As Wisconsin legislators work to finalize the state budget for the fiscal year (FY) 2022-23 biennium that begins July 1, the Wisconsin Legislative Fiscal Bureau (LFB) on Tuesday reported the state has substantially more revenue to work with than was anticipated when the LFB issued revenue projections earlier this year.
Specifically, the LFB’s revised three-year revenue projections are $4.4 billion higher than previously reported: $1.4 billion higher than anticipated for FY 2021, $1.5 billion higher for FY 2022, and $1.4 billion higher for FY 2023. This yields a total expected surplus of $2.6 billion for FY 2021, $3.9 billion for FY 2022, and nearly $5.9 billion for FY 2023. These revenue projections are attributable to a combination of better-than-expected tax collections this spring as the state turned the corner in its fight against COVID-19, as well as the substantial amount of federal aid money the state, its local governments, and taxpayers received amid the pandemic. While the federal aid is one-time money, state revenue officials are anticipating robust revenue growth several years into the future.
Under current Wisconsin law, in any year in which actual general fund tax collections exceed the amount budgeted for that year, half of the surplus revenue is deposited into the state’s budget stabilization fund, which helps ensure the state is prepared for future economic contractions. As FY 2021 comes to a close, actual tax collections are on track to come in about $1.6 billion higher than was budgeted for when the fiscal year 2020-21 budget was enacted in 2019. As a result, approximately $808 million will be automatically transferred to the budget stabilization fund, but the remaining surplus revenue for FY 2021—as well as the revenue growth of historic proportions that is expected for the upcoming biennium—can and should be used for the long-term benefit of present and future Wisconsinites.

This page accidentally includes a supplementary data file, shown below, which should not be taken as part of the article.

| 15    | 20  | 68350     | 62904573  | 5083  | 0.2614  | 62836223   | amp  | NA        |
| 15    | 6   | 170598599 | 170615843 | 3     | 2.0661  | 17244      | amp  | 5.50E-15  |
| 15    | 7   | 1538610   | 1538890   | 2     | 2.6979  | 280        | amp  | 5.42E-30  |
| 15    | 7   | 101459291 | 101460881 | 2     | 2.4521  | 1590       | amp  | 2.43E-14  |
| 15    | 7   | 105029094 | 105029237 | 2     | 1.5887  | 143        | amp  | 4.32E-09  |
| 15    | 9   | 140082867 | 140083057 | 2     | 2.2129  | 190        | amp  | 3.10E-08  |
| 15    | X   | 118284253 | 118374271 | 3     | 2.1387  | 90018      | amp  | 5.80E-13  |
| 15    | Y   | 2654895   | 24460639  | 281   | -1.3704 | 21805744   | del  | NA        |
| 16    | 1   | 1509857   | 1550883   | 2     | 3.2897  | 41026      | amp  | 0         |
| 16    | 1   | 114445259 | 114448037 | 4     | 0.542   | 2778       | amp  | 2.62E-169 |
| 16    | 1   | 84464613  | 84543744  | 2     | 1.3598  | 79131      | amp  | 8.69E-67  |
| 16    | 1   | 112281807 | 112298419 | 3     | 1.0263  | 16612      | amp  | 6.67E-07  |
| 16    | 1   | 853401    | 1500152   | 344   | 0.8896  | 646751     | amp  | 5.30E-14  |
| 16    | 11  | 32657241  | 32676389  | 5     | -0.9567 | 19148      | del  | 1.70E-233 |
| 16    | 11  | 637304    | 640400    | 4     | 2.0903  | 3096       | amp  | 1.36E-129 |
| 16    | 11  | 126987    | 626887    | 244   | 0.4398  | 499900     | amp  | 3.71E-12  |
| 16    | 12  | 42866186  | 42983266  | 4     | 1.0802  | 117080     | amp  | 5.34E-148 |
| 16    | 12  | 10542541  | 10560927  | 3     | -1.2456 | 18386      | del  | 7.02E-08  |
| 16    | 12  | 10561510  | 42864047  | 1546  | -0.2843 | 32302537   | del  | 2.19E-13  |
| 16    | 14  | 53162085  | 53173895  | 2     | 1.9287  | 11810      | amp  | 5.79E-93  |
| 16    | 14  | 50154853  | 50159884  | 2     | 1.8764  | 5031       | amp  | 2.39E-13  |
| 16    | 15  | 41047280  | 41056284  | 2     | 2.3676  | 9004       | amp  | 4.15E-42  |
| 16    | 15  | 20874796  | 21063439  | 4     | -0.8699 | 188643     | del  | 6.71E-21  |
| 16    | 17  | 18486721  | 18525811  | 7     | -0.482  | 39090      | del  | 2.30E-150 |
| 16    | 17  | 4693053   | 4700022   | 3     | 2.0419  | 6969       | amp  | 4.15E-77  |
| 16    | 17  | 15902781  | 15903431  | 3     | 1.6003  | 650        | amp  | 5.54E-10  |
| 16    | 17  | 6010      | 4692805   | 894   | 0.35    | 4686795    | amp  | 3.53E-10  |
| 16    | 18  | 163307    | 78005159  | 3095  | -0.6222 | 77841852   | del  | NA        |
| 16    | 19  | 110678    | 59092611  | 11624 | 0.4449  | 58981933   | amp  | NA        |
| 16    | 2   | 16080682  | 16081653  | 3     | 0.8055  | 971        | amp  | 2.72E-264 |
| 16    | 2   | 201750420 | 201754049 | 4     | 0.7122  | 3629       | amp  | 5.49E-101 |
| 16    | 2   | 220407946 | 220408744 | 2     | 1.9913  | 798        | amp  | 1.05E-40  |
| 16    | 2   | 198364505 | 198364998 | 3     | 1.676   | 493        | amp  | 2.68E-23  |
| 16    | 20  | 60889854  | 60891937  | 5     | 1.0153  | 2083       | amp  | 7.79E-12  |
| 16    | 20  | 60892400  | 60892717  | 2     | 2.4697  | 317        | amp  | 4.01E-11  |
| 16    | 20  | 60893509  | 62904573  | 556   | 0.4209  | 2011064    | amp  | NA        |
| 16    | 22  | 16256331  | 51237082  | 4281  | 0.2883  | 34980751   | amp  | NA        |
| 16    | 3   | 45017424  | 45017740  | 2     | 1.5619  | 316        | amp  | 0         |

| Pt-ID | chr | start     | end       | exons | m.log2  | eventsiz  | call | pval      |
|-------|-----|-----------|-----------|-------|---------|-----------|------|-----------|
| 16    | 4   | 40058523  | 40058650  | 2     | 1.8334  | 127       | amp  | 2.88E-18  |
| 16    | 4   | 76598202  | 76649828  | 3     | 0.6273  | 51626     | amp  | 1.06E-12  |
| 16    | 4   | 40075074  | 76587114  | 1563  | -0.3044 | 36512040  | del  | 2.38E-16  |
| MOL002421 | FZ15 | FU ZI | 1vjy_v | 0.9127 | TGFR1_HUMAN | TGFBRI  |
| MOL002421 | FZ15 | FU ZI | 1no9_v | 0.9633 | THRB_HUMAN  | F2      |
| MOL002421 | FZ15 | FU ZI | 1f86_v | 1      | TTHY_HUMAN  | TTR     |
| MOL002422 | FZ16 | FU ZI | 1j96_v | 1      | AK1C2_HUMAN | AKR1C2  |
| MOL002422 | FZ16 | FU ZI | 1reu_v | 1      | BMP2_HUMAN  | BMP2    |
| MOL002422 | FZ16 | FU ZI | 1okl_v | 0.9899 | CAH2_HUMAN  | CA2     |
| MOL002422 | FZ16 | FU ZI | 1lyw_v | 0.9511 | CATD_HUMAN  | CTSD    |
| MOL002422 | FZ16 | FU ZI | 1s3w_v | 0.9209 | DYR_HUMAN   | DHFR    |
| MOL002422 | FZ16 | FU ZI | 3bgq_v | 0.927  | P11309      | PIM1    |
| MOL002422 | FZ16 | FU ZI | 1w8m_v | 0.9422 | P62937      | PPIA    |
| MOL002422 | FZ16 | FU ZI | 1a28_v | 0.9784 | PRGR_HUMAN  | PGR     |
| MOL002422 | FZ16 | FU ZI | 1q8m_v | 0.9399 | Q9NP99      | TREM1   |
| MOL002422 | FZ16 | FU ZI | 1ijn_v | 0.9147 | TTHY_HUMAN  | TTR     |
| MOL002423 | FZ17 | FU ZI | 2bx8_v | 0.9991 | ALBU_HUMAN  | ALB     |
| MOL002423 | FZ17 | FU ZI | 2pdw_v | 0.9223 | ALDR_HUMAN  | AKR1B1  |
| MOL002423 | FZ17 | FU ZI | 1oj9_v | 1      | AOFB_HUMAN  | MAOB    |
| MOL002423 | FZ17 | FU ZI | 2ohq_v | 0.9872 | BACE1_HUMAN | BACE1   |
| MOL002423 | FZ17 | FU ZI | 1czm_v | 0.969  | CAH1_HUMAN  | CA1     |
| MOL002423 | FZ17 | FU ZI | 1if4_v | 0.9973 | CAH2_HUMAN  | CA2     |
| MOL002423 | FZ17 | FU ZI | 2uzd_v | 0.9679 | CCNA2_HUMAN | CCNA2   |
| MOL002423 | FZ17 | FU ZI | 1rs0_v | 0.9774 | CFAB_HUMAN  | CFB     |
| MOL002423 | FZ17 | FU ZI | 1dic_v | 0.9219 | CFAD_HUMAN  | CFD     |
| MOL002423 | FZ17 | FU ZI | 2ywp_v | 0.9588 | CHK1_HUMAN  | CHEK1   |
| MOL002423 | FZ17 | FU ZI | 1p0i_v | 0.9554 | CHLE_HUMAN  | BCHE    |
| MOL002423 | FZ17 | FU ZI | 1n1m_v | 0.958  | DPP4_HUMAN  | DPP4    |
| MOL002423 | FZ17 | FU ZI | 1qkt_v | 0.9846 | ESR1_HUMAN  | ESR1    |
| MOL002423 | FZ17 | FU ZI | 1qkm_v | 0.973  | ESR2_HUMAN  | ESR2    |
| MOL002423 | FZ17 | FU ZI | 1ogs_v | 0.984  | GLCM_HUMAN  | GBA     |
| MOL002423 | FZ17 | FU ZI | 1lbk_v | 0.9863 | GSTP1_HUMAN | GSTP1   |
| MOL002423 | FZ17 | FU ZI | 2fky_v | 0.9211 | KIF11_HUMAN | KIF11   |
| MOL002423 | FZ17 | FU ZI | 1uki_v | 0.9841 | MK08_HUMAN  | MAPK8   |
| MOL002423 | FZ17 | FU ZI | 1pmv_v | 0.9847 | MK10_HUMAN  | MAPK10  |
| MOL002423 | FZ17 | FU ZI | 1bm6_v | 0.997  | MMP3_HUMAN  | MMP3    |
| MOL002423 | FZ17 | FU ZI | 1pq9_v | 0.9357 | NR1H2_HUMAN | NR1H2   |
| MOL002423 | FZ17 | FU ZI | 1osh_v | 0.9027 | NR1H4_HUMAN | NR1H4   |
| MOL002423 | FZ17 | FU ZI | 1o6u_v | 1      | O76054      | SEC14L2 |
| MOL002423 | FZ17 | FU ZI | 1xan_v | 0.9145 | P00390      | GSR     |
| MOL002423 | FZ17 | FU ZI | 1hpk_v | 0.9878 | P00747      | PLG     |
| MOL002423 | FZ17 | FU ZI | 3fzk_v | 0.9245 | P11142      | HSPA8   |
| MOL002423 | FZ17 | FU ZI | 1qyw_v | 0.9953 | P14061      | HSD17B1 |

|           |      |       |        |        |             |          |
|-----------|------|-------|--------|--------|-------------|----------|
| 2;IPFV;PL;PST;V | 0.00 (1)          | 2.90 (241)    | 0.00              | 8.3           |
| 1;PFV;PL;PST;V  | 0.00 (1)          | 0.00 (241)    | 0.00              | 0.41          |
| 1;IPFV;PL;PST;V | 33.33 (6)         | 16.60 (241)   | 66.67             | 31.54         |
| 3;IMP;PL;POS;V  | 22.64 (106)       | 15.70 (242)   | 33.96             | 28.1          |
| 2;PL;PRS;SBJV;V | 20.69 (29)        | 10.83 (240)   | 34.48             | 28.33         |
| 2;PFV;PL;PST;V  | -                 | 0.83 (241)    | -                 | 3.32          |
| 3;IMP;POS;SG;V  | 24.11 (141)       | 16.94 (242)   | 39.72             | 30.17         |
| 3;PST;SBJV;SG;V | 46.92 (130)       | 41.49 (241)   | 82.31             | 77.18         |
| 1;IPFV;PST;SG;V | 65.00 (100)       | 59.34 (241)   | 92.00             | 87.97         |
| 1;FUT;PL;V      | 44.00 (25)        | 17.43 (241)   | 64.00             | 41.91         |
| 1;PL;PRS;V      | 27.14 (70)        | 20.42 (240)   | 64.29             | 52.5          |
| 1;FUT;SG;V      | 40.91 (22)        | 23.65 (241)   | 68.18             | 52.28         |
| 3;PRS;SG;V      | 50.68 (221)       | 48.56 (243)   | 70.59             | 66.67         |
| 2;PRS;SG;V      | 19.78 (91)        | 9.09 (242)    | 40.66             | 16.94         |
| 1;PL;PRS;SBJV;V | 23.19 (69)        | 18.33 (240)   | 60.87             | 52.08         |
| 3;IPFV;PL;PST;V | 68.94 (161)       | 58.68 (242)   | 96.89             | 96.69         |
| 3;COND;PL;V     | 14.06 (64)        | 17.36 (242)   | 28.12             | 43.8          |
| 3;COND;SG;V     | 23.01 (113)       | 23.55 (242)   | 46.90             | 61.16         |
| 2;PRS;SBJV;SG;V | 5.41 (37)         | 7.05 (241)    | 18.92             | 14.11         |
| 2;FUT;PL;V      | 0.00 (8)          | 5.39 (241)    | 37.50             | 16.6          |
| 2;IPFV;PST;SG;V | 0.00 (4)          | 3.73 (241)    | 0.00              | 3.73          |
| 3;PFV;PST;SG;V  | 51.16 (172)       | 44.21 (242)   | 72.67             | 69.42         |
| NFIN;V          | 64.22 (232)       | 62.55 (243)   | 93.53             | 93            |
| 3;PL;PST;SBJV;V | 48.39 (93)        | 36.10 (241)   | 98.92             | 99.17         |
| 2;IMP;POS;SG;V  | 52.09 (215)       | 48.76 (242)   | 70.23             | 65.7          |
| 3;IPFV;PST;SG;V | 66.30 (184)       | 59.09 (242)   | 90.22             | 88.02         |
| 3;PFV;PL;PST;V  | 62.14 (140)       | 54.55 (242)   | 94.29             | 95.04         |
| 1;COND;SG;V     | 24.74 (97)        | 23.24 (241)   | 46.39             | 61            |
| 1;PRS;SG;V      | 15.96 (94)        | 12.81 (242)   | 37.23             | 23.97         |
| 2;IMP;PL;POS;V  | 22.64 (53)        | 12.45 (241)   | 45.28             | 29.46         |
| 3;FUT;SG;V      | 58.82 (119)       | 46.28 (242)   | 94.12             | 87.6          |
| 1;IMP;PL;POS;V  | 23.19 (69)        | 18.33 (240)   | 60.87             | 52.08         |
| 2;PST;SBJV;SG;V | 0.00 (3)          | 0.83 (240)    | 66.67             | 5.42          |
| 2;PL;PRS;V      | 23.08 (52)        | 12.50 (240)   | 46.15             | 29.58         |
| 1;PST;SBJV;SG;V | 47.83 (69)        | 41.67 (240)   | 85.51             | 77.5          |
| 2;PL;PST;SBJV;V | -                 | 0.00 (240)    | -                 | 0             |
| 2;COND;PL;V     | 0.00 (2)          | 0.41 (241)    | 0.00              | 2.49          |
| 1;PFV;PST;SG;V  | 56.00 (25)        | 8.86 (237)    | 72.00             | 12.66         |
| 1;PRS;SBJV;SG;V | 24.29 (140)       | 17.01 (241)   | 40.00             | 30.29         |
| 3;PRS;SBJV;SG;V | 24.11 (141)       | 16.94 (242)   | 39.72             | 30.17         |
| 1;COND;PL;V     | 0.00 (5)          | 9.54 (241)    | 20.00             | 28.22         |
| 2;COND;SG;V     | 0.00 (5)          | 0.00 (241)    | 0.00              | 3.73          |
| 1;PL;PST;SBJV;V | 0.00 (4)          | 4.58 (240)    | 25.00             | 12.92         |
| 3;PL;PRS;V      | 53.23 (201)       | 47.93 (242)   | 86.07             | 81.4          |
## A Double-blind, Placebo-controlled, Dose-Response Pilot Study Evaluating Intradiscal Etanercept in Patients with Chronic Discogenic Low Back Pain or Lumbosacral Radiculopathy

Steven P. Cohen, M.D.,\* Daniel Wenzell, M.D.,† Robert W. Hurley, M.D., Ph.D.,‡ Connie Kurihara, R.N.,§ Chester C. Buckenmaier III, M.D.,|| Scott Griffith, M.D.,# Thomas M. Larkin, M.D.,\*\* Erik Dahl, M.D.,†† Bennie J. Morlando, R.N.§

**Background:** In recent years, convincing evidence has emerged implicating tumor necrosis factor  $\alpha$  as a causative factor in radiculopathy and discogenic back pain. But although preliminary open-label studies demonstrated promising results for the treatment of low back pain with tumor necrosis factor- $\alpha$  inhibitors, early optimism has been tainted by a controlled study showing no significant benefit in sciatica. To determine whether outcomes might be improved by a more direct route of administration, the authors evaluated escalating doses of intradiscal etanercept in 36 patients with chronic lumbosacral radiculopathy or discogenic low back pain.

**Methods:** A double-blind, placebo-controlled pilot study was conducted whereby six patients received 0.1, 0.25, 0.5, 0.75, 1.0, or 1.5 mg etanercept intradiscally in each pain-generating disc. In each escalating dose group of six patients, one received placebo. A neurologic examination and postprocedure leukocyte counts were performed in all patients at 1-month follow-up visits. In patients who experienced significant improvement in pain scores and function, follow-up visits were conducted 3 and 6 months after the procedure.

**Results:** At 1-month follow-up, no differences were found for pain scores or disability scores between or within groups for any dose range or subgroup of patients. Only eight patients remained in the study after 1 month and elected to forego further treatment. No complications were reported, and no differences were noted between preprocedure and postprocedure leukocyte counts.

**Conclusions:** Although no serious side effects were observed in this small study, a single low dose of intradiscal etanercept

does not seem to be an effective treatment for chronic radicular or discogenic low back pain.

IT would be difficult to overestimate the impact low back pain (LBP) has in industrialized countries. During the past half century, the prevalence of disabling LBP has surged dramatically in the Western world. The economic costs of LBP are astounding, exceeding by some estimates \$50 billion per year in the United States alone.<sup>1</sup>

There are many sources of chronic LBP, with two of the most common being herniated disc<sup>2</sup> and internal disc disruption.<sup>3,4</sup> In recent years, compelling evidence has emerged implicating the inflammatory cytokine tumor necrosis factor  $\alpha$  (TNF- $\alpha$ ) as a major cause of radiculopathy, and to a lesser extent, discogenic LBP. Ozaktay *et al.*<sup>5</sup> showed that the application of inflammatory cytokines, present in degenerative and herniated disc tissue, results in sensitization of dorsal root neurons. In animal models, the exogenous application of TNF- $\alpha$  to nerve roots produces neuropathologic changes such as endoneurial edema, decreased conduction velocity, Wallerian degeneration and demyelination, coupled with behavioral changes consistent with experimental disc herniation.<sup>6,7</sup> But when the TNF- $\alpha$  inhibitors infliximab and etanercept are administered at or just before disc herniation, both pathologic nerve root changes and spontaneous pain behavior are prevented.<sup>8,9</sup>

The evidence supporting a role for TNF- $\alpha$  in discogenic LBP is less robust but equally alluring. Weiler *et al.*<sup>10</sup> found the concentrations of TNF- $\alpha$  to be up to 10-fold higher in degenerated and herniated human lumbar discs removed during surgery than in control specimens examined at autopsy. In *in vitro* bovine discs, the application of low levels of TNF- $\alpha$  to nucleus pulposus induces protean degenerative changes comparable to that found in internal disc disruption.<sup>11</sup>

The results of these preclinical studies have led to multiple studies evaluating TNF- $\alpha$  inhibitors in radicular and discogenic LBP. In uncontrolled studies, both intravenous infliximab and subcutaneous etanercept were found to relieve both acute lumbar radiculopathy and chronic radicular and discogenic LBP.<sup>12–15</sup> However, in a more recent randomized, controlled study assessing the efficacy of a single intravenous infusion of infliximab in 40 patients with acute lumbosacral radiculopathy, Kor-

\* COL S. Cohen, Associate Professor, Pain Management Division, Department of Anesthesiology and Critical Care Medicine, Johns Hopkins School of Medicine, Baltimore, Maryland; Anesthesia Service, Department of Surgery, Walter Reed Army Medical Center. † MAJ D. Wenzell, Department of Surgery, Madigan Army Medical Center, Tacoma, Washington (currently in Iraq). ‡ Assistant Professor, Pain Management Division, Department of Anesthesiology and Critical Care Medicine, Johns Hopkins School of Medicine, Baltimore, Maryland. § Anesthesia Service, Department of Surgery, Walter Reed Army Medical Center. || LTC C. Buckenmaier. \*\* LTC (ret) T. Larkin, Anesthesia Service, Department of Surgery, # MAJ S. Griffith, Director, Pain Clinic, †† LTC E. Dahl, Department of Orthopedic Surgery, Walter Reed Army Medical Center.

There will, as always, be many different opinions on how these excess revenues should be allocated, but as tax relief will no doubt be part of that conversation, it is important to consider how that tax relief can be accomplished in a meaningful and economically efficient manner that will set the state up for continued investment and growth for years to come.
Given the state’s revenue forecast, it makes sense to consider options for returning some of the excess revenue to taxpayers in a structurally sound manner while making Wisconsin more economically competitive in the process. These suggestions—among several others—are described in further detail in our Wisconsin tax reform options guide.
Reduce individual income tax rates. Wisconsin’s top marginal individual income tax rate of 7.65 percent is higher than all but nine states and the District of Columbia, and the second highest marginal rate of 6.27 percent—which kicks in at…